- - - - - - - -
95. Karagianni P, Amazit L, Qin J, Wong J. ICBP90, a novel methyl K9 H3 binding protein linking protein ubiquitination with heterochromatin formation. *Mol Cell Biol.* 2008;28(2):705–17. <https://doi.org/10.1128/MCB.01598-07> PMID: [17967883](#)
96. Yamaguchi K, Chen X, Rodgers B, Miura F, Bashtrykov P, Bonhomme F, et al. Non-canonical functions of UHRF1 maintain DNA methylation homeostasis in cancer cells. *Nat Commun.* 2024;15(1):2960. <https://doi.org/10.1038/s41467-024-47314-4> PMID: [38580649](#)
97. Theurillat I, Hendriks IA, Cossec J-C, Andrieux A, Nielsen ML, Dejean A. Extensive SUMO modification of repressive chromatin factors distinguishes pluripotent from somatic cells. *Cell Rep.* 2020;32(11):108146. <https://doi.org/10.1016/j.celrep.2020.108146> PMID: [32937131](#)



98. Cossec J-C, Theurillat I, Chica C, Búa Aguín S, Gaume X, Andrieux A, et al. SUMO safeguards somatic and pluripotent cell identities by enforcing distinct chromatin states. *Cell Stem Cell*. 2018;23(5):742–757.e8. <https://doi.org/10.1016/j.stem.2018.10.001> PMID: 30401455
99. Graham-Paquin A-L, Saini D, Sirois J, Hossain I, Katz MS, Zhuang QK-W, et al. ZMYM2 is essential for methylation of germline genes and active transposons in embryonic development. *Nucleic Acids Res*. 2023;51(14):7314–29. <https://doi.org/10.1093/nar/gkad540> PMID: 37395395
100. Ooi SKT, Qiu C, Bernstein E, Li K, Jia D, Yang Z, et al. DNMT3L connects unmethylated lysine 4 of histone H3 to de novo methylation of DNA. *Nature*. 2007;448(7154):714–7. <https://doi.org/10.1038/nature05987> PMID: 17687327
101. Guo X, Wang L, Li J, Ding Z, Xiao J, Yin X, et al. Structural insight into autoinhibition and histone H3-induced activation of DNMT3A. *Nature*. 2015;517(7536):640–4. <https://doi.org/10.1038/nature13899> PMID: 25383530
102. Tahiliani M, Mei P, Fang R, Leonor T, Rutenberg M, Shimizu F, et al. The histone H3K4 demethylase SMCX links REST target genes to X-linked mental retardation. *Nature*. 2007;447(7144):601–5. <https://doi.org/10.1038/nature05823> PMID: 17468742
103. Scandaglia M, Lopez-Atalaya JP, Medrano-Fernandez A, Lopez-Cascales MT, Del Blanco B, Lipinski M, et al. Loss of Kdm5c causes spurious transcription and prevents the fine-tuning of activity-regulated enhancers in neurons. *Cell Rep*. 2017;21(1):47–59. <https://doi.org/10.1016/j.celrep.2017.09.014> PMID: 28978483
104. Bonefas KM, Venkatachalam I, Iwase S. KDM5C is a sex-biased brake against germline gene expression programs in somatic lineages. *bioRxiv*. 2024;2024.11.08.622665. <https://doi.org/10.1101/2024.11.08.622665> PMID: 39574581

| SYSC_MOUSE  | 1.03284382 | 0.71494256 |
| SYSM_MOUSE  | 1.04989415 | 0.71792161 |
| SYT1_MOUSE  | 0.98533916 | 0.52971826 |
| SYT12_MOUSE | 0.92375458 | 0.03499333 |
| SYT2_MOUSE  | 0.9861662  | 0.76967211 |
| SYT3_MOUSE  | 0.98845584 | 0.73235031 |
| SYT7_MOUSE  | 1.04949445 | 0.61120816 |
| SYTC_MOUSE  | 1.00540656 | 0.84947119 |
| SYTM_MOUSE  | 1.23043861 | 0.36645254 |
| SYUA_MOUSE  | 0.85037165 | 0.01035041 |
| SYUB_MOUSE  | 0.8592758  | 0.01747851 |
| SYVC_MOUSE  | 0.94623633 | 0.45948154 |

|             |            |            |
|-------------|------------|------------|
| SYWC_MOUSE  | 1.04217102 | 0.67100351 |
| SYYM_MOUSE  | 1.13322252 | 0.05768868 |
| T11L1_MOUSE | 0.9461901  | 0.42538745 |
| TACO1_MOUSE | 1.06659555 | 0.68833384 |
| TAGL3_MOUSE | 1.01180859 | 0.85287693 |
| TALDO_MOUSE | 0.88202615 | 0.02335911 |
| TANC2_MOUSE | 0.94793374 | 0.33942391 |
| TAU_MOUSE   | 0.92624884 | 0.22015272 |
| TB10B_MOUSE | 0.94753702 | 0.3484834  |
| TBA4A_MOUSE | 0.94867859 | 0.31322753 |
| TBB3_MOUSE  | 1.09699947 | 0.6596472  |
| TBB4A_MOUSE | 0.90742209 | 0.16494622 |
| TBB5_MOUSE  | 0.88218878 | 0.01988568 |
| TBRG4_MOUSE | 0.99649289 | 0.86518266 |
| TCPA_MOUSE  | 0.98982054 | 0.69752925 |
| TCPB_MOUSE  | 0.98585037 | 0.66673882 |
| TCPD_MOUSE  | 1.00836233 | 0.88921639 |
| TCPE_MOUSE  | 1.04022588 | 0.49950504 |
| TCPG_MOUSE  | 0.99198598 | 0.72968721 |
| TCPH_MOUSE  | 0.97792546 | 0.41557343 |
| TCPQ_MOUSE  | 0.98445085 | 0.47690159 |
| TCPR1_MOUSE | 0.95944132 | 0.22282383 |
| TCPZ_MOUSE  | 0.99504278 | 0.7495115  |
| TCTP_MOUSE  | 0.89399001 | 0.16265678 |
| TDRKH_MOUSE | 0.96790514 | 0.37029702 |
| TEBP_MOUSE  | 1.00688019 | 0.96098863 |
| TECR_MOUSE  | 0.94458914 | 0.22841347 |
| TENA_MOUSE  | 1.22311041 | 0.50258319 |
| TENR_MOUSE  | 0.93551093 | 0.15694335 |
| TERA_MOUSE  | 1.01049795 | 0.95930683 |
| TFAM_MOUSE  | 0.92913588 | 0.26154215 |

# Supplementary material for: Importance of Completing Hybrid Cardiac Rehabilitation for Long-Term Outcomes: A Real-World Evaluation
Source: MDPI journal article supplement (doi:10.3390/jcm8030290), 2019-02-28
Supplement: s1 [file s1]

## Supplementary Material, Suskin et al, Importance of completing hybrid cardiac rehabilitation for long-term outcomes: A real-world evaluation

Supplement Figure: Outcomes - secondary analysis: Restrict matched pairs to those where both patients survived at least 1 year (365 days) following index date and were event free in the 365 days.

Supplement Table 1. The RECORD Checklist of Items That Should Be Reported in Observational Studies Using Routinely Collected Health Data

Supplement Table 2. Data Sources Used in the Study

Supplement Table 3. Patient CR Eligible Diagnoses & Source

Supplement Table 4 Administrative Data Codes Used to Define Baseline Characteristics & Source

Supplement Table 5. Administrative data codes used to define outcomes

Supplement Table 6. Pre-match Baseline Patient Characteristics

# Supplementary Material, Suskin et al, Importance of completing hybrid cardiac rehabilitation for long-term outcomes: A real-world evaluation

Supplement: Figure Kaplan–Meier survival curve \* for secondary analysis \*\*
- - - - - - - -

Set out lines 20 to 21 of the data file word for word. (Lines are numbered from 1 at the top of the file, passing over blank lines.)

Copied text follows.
| SYUA_MOUSE  | 0.85037165 | 0.01035041 |
| SYUB_MOUSE  | 0.8592758  | 0.01747851 |